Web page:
Heads Up

A Weekly edition of News from around our country

September 12, 1997
Issue #52

by: Doug Fiedor

Previous Editions at: http://mmc.cns.net/headsup.html


The scandals of the Clinton, Clinton & Gore team darned near got bumped from the news for a few days, what with the recap of the recap of the recap of the recap of the car wreck in Paris. Senator Fred Thompson knows how to get the press' attention, though: Lead off with a friend of Bill and Hillary.

Former Democratic National Committee honcho Donald Fowler was the principal guest of honor at the Senate hearings this week. And, in respect of the First Couple, he took the Hillary -- can't recall, can't remember, have no recollection of that event.

Also this week, we're seeing Al Gore's head come down out of the ozone long enough to realize that perhaps there really is "controlling legal authority" on those eighty-some illegal telephone calls he made to campaign contributors from the White House. The authority is called campaign laws, there is controlling opinion, and he intentionally broke a few of those laws. Even Janet Reno isn't able to ignore the dialing for dollars evidence anymore, as much as she tries.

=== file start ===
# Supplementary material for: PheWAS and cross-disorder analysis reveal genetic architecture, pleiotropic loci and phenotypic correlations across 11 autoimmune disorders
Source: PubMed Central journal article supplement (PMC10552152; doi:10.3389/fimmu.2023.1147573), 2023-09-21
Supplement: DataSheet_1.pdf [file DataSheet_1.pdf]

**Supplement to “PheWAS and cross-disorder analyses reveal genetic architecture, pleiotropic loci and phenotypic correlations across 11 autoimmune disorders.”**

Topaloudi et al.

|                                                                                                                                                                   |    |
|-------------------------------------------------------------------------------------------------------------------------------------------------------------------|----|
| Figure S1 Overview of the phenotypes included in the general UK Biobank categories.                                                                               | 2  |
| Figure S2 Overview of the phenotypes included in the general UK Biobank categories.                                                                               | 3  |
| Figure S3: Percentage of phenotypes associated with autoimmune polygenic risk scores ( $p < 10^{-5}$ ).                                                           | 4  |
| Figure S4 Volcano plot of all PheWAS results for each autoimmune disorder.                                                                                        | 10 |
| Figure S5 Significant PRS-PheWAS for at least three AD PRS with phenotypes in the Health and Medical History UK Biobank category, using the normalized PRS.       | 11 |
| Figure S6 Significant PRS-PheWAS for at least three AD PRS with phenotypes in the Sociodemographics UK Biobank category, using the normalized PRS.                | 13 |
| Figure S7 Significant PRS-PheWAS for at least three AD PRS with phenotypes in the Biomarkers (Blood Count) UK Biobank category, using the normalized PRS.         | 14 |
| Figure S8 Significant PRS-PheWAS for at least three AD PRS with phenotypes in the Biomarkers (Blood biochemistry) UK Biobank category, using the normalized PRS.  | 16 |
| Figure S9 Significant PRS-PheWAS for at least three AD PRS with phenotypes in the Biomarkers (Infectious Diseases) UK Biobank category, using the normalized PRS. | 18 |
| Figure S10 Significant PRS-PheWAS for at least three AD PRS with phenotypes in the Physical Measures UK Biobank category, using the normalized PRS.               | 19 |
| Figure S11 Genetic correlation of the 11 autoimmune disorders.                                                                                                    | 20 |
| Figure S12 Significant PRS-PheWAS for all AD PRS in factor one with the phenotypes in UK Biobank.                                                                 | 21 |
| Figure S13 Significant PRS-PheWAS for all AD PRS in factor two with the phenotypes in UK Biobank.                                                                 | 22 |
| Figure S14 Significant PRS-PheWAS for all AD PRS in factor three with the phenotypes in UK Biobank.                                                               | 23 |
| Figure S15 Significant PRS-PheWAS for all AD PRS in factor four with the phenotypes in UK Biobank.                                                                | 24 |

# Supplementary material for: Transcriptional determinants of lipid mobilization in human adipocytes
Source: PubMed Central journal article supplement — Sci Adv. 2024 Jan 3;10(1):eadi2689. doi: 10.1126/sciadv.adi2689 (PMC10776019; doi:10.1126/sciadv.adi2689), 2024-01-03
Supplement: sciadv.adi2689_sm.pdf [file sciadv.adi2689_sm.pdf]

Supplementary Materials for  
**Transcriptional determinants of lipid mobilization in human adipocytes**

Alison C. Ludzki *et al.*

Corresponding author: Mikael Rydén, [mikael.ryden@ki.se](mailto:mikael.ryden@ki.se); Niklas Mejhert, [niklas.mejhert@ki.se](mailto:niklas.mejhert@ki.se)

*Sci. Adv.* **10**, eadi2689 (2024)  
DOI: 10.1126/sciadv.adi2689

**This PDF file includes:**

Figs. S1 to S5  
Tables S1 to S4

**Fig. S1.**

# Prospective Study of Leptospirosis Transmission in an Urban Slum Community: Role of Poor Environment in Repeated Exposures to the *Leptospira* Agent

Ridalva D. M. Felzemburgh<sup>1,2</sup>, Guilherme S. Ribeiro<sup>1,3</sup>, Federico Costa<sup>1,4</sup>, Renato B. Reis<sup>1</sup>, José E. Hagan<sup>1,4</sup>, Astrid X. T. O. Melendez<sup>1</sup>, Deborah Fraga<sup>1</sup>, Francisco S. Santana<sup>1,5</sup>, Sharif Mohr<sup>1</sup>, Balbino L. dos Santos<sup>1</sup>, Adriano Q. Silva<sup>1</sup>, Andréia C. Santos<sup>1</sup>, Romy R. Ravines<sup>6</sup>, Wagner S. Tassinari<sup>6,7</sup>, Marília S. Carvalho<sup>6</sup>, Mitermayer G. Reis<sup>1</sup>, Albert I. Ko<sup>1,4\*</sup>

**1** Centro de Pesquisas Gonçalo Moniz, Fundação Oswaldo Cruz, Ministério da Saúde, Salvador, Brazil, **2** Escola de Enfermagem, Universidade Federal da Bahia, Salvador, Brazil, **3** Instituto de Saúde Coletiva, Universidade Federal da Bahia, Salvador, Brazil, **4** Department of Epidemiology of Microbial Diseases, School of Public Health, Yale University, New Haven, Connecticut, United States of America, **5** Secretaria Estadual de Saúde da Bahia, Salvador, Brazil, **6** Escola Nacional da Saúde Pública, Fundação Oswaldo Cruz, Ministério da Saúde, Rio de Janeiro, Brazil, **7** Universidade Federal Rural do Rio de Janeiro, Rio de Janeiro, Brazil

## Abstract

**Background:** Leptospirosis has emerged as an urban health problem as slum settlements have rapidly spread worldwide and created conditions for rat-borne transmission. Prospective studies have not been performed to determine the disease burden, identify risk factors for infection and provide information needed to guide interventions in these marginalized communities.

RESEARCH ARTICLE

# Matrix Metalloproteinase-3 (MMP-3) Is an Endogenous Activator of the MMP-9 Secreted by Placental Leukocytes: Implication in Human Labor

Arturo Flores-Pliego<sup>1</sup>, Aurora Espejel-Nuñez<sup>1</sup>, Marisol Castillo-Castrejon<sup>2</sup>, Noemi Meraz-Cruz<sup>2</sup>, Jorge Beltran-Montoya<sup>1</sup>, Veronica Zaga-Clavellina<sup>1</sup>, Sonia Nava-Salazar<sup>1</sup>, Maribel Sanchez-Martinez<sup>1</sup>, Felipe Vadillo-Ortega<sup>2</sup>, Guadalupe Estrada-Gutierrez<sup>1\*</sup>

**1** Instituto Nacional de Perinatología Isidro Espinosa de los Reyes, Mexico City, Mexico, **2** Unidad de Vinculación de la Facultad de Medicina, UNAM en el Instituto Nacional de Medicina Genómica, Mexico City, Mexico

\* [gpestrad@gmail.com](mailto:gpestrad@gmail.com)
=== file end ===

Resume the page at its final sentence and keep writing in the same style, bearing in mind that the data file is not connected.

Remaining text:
Will the Thompson Committee subpoena Al Gore to the hot seat to answer for these obvious misdeeds? Nope. In fact, it doesn't even look like the Committee will subpoena Senator Christopher Dodd, who was Donald Fowler's campaign finance partner in crime at the DNC. It seems there's a gentleman's agreement in the Senate to not publicly badger one of their own.

Nevertheless, for all practical purposes, Gore is caught. That Congress is afraid to do anything about it at the moment is another story entirely. The evidence is available to anyone who wants it.